Dasu, the site of a major dam, has been attacked in the past, with a bus blast in 2021 killing 13 people, nine Chinese among them, although no group claimed responsibility, like the Mar. 26 bombing.
On Thursday, Pakistan’s top economic body approved $2.5 million in compensation for families of Chinese workers who were killed in the Mar. 26 Dasu attack.


Motorist who killed two pro-Palestine protesters in Islamabad identified as army officer — police

Updated 25 May 2024
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Motorist who killed two pro-Palestine protesters in Islamabad identified as army officer — police

  • Protesters encamped at Islamabad’s D-Chowk for several days to raise awareness about the Gaza war
  • Earlier this week, a speeding car lost control and ran over several demonstrators, killing two of them

ISLAMABAD: The driver of a car, which ran over and killed two pro-Palestine protesters in the Pakistani capital of Islamabad this week, has been identified as an army officer and handed over to the military police, the Islamabad police said on Saturday.
The protesters have set up their camps at D-Chowk in the Pakistani capital for the past several days. On Monday, a speeding car ran over a few demonstrators, killing two of them and injuring four others.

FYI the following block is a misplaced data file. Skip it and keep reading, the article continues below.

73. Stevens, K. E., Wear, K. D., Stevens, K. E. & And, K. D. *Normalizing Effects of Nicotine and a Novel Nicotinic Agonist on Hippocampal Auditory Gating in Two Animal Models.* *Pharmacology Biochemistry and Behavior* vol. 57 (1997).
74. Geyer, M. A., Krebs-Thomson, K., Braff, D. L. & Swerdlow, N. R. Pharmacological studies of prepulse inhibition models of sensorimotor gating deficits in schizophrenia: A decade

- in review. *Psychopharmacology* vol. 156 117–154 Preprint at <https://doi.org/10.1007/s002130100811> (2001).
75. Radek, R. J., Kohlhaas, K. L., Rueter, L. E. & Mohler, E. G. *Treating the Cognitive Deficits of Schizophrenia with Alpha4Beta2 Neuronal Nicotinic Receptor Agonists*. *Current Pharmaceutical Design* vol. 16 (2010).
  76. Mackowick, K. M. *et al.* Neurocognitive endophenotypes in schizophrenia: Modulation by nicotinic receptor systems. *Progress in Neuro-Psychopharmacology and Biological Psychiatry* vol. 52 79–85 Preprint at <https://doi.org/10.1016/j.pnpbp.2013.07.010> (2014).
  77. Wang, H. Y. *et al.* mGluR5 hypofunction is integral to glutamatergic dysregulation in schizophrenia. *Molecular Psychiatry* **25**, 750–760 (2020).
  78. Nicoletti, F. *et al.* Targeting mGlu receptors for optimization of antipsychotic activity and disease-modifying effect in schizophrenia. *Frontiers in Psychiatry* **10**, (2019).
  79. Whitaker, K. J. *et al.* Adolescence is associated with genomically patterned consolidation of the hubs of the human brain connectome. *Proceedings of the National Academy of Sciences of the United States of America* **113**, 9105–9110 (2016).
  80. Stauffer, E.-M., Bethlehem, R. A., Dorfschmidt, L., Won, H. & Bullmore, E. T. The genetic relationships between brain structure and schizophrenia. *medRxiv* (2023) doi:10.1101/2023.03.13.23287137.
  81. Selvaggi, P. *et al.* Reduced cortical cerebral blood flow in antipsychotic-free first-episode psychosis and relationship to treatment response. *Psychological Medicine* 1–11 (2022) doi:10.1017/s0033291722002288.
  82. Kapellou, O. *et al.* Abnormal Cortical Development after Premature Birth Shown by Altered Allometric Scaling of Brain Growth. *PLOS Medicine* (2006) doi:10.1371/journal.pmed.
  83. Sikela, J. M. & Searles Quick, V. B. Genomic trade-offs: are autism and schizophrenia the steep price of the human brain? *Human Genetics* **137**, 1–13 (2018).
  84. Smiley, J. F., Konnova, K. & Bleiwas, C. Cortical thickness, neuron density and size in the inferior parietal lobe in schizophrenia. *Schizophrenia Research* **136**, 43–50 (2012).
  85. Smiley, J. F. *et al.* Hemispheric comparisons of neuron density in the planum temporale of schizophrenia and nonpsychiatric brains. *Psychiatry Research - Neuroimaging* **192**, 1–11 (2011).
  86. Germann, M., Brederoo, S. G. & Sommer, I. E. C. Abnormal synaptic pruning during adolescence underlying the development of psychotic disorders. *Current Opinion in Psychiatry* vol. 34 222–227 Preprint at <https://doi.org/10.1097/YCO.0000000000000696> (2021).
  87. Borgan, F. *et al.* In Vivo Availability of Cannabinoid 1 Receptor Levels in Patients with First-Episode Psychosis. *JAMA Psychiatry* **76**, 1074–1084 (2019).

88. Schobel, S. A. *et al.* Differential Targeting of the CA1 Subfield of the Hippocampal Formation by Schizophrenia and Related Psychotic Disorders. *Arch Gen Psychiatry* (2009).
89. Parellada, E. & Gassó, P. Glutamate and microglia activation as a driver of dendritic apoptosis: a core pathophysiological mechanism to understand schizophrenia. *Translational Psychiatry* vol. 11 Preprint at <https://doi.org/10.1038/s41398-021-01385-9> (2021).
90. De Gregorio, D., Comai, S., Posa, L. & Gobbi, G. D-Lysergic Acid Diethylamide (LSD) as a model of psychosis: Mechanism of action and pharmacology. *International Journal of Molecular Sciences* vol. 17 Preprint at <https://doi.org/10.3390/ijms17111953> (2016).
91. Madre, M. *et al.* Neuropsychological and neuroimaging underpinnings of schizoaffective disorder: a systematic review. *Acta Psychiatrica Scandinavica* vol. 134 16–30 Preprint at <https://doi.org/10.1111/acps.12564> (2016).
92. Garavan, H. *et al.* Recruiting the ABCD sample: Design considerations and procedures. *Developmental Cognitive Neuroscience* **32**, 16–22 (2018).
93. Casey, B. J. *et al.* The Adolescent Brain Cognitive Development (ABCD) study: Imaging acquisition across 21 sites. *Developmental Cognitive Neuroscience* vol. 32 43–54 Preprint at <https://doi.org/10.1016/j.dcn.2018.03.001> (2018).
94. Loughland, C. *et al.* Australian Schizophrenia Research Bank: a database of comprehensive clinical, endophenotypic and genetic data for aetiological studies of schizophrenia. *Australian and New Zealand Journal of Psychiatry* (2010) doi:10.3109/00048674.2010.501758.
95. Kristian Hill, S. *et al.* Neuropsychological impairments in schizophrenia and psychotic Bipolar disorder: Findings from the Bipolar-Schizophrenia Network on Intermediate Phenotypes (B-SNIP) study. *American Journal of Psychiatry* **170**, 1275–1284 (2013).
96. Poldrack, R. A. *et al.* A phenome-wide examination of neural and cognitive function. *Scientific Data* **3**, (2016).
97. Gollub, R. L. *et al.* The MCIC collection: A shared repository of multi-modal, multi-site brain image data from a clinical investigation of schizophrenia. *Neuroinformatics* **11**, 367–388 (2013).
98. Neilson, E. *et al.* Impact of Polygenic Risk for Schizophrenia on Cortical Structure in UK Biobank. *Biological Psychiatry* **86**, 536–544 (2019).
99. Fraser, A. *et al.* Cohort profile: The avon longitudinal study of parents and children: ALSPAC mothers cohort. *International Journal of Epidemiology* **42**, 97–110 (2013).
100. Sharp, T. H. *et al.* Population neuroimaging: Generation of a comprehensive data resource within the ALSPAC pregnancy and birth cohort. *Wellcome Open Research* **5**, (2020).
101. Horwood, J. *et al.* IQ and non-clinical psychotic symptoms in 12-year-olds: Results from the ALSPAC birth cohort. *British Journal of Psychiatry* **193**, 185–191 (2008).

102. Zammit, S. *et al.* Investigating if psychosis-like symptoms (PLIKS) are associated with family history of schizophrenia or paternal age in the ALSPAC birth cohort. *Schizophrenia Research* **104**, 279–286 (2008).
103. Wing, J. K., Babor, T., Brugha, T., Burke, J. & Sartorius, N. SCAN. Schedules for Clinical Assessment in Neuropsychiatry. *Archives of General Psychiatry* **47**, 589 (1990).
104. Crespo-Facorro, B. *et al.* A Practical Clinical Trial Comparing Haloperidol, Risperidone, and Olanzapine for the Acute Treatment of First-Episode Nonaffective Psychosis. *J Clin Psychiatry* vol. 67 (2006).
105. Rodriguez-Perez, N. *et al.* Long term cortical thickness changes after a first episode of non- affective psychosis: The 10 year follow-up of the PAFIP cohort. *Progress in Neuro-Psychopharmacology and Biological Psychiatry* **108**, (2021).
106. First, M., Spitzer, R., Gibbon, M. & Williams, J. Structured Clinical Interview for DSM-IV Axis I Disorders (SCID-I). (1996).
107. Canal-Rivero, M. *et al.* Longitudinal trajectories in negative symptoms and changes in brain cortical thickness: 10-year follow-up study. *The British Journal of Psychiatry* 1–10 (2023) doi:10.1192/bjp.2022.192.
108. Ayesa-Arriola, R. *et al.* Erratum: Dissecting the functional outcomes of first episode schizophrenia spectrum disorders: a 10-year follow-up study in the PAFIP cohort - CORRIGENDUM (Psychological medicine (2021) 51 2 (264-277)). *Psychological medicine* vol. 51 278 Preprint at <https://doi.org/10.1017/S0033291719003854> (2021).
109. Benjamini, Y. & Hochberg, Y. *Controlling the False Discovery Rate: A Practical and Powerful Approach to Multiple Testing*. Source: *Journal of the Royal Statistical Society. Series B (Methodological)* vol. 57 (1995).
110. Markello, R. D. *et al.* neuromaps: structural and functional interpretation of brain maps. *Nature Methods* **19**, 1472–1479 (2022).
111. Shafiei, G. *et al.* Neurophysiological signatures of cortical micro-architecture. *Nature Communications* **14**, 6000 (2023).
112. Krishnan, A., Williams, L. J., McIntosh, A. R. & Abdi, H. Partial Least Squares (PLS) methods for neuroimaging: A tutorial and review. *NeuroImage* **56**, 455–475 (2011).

The driver of the car had sped away from the scene, but was arrested by the police shortly afterwards.
“The driver who crushed two people to death [on Jinnah Avenue] was arrested from the scene and identified as an army officer,” Taqi Jawad, an Islamabad police spokesman, told Arab News.
“He was nominated in the FIR [police report] and later handed over to the military police for further legal action.”
While the protesters condemned the incident, they said this week it would not dampen their spirits and they would continue to urge the government to do more about Israeli military actions in Palestine.
“We feel that the State of Pakistan and the Government of Pakistan should do far more than it has been doing till now,” Humaira Masihuddin, a lawyer, told Arab News on Tuesday.
Pakistan does not recognize Israel and supports an independent Palestinian state based on pre-1967 borders, with Jerusalem as its capital. In recent months, the South Asian country has repeatedly raised the issue of Israel’s war in Gaza at the United Nations through its permanent representative.
Rabail Shahid, a student, criticized the government for failing to provide security to the protesters in Islamabad.
“This incident happened here, I cannot even imagine, and [that too] in the Red Zone, in this Red Zone, which is a highly, strictly secured area,” she said.


Pakistan welcomes ICJ ruling on Gaza, reaffirms support to Palestinians

Updated 25 May 2024
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Pakistan welcomes ICJ ruling on Gaza, reaffirms support to Palestinians

  • The ICJ decision added to the pressure on an increasingly isolated Israel, coming just days after Norway, Ireland and Spain announced they will recognize Palestine as a state
  • The case against Israel was initiated by South Africa in December 2023, where it labeled Israel’s actions in Gaza Strip as ‘genocidal’ and said they intended to destroy Palestinians